Are You Exposed? Lock Data Down Now

May 01, 2008

Mike Fernandes
If you work at a fair-sized company, chances are good that you use something called an enterprise content management system (ECM). This incredibly vital system stores data, lets people throughout the company collaborate on documents, and keeps track of what's happened to what data. In the language of IT, it creates metadata—data about data—such as audit trails, workflows, clinical trial dates, e-submission details, digital signatures, and other critical information.

You can use this system for a lot of important functions: tracking every stage of the drug discovery and development process, preparing electronic submissions, tracking your business and making decisions based on real-time information, and ensuring that you're in compliance with FDA's 21 CFR Part 11 guidelines and the requirements of Sarbanes-Oxley, to name just a few.

If you lose what's in your ECM, you're in big trouble.

The great rule of computing, of course, is to back everything up, so that when a glitch takes place you can recover your information. There are a variety of systems for doing this sort of backup and recovery, so if you go to your IT team and ask whether your ECM system is fully protected, they'll probably tell you yes.

Unfortunately, it's often not quite that simple. In fact, many pharma companies today needlessly expose themselves to data losses that could result in clinical studies being placed on hold, withdrawn approval of initial new drug applications, and in extreme cases, criminal prosecution. The culprit: backup and recovery strategy.

Understanding Information Loss

It's important to understand that there are two different types of data loss, and two different kinds of information you can lose.

There are two types of data loss.

Be Prepared for the Worst
Full-system failures are the type most of us think of when we think about data loss. A catastrophe strikes, and everything on your system is destroyed. All organizations are aware of the potentially devastating impact of full-system failures and disasters, and most make a good faith effort to plan for recovery. Total system failure is, blessedly, relatively rare.

Partial information loss, the lesser known but more sinister form of loss, is quite another matter. A partial loss affects one, several, or thousands of pieces of information in an ECM system, rather than the entire system. It is caused by common, everyday incidents such as accidental user deletions, programmatic errors, malfeasance, corruptions, and viruses.

According to AIIM International and Strategic Research, events of this sort account for more than 80 percent of all ECM system information loss. And the results can be devastating, creating a crisis for both the IT and business sides of the company.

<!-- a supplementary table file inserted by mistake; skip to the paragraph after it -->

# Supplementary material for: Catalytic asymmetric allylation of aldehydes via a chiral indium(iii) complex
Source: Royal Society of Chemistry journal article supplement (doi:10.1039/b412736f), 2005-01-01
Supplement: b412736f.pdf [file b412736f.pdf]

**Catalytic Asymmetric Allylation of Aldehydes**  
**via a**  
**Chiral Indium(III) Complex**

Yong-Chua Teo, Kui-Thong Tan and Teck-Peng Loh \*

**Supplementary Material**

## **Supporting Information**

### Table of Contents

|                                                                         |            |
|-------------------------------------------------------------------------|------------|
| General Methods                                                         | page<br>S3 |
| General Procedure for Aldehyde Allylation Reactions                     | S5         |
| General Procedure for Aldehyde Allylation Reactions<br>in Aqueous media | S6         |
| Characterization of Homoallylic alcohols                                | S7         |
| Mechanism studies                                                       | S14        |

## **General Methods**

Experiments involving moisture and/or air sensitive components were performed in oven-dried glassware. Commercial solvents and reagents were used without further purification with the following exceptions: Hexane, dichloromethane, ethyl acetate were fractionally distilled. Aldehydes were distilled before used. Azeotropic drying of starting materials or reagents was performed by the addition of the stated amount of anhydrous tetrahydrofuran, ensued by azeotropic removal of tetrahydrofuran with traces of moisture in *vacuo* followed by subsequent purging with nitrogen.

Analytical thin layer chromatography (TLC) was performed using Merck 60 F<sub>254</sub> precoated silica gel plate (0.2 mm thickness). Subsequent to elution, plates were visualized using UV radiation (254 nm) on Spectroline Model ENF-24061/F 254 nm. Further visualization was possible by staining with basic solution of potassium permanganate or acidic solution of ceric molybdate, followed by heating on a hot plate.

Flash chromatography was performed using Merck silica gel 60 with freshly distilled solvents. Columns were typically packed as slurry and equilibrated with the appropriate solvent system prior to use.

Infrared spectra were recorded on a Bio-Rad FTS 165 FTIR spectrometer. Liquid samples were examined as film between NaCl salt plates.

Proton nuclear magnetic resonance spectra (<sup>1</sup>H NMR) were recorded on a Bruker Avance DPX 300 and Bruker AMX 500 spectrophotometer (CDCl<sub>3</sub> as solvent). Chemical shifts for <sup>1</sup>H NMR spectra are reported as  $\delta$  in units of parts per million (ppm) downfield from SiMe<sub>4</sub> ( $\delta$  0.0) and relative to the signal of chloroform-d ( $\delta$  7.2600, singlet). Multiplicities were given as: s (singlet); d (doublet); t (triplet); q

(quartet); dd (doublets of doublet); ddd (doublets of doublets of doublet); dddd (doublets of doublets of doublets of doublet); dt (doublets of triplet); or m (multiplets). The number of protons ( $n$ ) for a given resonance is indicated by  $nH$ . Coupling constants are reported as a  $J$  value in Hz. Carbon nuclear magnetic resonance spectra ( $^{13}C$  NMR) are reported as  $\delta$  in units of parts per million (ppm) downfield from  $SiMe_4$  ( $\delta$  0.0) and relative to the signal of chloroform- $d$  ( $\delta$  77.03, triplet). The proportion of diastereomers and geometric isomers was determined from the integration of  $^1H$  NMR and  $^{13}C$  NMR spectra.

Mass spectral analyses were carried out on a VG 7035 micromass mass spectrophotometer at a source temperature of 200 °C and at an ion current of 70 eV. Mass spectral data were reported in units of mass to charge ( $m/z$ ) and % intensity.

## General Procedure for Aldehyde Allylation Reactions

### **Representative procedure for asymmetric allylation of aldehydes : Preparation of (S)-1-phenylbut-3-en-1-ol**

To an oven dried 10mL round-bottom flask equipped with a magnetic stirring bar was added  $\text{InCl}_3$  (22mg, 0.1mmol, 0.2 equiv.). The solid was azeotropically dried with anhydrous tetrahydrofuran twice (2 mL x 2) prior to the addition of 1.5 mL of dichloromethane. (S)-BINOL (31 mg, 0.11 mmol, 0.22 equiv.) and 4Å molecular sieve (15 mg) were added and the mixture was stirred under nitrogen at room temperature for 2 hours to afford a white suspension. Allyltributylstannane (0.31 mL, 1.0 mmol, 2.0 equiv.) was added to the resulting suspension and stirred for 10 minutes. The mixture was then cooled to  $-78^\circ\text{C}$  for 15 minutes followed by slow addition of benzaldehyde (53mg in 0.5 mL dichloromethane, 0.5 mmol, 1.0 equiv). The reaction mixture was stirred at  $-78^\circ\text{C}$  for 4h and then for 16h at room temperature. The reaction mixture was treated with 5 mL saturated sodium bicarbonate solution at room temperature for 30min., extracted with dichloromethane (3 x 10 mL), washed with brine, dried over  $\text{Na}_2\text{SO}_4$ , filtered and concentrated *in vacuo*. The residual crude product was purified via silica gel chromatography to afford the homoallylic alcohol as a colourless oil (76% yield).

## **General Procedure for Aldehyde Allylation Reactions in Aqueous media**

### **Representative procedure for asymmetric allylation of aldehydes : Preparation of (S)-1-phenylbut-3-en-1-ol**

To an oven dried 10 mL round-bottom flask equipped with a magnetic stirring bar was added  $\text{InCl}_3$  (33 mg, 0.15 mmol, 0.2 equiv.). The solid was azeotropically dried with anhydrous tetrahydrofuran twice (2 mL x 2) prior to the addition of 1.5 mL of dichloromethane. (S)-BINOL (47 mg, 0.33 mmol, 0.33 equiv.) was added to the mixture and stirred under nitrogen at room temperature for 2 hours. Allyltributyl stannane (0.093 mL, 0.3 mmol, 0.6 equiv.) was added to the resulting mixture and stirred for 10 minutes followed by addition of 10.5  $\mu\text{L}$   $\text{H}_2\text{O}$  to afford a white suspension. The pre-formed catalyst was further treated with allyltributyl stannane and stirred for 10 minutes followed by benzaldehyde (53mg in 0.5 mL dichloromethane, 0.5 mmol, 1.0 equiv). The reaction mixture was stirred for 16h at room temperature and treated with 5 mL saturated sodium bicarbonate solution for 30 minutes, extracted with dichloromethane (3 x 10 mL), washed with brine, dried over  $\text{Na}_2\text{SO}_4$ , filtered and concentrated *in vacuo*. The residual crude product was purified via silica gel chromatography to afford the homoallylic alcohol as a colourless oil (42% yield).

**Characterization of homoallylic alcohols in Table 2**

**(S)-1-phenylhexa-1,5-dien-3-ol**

Take the case of a Fortune 200 pharmaceutical manufacturer's experience, when an IT administrator accidentally overwrote a folder that was linked to 15,000 other files containing more than 100,000 links to other content and metadata. Many of the files were documents necessary to support the company's current good manufacturing process guidelines, and their loss caused compliance risk with these and other FDA regulations. Manufacturing was shut down as the company scrambled to recover the documents, halting the production of drugs worth millions of dollars in revenue.

The company could have taken the ECM system offline and recovered the information using a traditional "cold" backup. But that wasn't a viable option; additions and changes made to the
system since backup was created almost a full day prior would have been permanently lost.

The company lost more than $100,000 in productivity, spending over 1,100 hours recovering content from backup tapes and re-creating employee work—but no original metadata could be recovered.

The loss of metadata is particularly damaging. If the relationships between content (documents) and their associated metadata are broken, the ability to quickly respond to business demands, audits, and e-discovery requirements (as well as complying with 21 CFR Part 11) becomes severely impaired or even impossible. Worse, on the drug development side, if you break the link between content and metadata, you've broken the chain of custody of your data. This can delay drug submissions or halt manufacturing, which can cost millions of dollars in lost revenue, brand exposure and market share.

In the case of this particular company, subsequent reviews of help desk incidents indicated that there had been 46 partial data loss incidents over a three-year period—more than one a month. All incidents had resulted in the permanent loss of metadata, and when recovery of content was attempted, the effort either took several days or was abandoned completely.

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